A nature-lover has recorded 573 different species of insect, bird, plant and animal life in his “ordinary-sized” city garden during a three-year wildlife survey.
Paul Rule took part in a study set up in 2016 by the Cambridge Natural History Society to discover the extent of the city’s flora and fauna.
He favourite find was a “strange-looking bug” called asiraca clavicorni.
The society is currently analysing the survey results from 64 gardens.
Finds include previously unknown evidence of several badger setts within a mile of the city’s Market Square.
Mr Rule, 66, whose garden is about 330 sq m (3,552 sq ft), said: “I wasn’t expecting to find so much in this quite ordinary-sized garden but I got carried away.
“When I see anything I don’t know, I want to identify it.”
During the period of the survey he recorded 548 species, but has added another 25 during lockdown.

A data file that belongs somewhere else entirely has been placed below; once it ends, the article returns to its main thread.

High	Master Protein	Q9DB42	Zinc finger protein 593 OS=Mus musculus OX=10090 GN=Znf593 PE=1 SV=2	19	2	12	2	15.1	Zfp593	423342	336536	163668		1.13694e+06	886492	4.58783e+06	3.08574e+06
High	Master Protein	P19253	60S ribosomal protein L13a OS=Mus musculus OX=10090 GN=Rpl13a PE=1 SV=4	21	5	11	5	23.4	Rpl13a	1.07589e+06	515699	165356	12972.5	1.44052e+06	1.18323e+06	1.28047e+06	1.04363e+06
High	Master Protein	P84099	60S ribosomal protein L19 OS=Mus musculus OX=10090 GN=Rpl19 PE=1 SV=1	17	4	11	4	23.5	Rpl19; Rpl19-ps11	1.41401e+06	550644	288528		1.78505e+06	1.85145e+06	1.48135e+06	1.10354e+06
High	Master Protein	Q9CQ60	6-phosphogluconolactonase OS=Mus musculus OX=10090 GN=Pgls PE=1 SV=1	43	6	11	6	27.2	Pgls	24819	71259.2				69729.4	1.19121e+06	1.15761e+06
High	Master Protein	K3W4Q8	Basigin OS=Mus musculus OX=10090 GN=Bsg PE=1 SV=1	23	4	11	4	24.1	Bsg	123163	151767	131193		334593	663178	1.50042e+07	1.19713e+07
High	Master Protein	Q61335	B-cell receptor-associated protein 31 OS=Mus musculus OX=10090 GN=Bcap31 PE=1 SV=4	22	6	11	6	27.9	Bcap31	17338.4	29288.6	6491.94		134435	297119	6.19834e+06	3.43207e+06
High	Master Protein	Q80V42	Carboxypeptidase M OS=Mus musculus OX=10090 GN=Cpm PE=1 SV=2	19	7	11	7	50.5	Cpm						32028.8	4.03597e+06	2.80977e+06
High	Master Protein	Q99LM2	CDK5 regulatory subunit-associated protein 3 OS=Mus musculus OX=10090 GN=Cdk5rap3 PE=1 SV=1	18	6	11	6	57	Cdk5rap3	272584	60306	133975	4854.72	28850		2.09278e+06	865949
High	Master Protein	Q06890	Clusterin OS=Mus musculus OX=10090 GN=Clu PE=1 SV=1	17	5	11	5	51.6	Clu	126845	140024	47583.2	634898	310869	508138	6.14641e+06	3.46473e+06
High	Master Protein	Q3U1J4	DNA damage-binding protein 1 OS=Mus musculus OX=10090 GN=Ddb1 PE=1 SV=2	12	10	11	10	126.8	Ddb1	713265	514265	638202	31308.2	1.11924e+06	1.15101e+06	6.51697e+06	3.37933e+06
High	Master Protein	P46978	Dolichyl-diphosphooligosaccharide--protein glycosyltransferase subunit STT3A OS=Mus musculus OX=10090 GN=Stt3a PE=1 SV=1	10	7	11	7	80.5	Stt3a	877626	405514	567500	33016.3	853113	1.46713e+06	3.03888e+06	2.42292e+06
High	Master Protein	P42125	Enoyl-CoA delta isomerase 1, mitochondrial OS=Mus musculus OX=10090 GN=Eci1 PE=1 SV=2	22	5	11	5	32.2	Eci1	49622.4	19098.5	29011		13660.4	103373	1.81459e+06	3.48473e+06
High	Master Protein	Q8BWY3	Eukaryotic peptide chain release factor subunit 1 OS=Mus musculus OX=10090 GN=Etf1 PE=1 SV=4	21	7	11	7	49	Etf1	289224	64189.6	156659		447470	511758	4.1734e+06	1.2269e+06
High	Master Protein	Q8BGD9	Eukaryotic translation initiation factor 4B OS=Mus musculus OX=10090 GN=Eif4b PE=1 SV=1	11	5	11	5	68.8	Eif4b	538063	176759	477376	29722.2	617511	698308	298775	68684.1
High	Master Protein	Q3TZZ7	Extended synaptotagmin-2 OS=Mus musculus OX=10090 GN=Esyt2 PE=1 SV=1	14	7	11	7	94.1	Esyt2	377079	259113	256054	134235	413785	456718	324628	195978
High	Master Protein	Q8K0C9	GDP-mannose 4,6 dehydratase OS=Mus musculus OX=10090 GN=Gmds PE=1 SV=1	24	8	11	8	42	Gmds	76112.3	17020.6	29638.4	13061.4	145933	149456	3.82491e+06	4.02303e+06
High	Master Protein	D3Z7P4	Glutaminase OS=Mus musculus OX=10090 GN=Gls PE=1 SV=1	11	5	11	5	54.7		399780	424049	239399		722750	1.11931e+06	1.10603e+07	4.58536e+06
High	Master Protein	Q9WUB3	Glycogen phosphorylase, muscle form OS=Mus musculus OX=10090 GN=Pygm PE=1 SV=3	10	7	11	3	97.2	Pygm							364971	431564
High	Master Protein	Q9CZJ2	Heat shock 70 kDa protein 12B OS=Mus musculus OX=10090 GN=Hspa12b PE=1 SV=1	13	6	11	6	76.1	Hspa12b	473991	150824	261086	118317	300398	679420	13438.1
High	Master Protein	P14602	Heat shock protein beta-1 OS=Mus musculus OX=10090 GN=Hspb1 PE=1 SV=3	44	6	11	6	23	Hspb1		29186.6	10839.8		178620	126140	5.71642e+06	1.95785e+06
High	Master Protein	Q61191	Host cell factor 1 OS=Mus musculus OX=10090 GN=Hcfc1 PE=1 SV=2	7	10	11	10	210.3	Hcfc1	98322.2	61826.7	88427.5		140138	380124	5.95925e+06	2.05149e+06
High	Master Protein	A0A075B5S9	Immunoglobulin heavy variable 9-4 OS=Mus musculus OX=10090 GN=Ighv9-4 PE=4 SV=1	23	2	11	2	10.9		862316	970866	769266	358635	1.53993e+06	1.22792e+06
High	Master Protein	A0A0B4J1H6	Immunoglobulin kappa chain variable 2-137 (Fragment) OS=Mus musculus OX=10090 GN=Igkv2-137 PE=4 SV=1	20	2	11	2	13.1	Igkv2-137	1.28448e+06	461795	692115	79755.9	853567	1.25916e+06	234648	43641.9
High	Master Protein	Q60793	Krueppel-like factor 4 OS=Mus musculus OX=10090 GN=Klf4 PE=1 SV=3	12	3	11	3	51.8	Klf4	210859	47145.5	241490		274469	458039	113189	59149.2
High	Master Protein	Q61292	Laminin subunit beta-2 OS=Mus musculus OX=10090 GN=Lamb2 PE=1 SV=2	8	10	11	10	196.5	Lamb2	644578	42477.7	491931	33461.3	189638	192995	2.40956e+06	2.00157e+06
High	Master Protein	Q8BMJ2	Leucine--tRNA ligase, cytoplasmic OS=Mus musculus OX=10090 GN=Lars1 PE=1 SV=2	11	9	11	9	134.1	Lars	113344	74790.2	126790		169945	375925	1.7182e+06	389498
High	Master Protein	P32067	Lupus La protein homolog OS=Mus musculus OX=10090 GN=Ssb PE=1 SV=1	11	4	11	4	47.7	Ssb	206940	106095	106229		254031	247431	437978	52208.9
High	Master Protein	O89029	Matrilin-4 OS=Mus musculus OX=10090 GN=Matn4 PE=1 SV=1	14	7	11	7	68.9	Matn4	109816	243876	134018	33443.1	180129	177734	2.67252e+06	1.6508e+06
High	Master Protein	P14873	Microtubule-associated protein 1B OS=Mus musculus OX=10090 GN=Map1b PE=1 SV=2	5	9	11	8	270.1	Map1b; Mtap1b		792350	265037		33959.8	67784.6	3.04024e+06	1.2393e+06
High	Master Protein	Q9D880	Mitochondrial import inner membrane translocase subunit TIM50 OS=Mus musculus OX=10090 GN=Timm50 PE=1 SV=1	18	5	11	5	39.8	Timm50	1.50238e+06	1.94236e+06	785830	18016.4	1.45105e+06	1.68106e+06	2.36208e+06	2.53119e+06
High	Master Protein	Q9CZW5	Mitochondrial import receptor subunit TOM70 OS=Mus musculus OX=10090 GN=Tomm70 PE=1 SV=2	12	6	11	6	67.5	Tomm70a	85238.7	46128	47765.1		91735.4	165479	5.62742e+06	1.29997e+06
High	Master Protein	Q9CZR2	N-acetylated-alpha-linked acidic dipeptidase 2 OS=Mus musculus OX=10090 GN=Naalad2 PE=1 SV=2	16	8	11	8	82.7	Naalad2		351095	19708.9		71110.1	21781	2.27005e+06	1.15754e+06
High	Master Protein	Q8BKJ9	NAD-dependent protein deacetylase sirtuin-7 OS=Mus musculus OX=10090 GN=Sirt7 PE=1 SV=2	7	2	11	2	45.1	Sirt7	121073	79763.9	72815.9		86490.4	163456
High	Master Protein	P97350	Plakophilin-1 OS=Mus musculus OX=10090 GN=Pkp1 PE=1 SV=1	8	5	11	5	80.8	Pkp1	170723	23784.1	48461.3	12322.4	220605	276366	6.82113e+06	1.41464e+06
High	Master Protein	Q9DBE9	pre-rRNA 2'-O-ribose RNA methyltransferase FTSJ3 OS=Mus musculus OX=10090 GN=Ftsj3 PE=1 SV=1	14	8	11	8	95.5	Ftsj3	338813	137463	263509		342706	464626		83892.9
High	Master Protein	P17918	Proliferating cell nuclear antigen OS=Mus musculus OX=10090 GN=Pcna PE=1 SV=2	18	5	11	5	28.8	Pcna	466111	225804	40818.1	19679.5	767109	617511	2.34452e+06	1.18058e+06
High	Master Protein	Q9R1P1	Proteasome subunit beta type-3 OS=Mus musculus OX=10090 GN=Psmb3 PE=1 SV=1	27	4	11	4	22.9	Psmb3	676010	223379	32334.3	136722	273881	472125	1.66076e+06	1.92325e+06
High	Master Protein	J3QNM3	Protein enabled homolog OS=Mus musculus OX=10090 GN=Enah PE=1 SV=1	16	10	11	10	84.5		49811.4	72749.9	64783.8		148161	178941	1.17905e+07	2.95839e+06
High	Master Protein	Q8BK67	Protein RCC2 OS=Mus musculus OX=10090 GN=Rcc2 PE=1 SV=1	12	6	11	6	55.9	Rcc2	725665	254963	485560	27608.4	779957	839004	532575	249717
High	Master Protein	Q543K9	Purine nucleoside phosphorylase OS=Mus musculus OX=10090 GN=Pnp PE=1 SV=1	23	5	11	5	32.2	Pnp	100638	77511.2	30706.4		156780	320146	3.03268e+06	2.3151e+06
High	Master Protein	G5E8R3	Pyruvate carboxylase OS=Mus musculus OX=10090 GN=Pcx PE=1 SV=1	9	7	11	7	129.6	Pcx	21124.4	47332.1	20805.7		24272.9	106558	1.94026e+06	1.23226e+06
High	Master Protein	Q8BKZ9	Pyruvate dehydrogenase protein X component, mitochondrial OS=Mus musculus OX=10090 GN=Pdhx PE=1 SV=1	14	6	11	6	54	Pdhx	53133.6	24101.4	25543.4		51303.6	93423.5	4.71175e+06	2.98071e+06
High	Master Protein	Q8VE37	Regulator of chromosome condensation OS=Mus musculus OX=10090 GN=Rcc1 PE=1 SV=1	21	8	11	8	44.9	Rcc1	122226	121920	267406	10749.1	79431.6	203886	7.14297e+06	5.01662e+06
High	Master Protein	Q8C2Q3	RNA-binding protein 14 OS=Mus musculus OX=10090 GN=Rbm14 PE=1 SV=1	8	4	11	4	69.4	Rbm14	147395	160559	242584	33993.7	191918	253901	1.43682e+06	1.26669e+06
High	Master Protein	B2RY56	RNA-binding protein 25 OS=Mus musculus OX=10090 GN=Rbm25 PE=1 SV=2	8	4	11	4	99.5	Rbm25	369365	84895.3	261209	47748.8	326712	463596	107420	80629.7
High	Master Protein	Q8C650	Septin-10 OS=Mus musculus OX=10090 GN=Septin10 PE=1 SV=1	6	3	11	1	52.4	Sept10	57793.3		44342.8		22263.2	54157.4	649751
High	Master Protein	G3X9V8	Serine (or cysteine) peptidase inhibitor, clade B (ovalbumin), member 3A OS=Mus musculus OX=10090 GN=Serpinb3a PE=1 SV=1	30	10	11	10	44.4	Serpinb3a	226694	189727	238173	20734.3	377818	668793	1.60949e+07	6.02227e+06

The retired BT engineer has always been interested in wildlife, particularly “anything with six or eight legs”, and was able to record 412 insects, including 272 species of moths.
“When it came to the insects, I used the internet and local experts – and I have a shelf full of wildlife reference books,” he said.
“I also had a plant survey done – and 87 plants were added the list, including 26 species of moss.”
Mammal visitors include a fox, hedgehogs and bats, while all the common garden bird species such as blackbirds, wrens, robins and goldfinches have been counted.
The project, which hopes to raise public awareness of the diversity of wild animals and plants in the city, closed in December.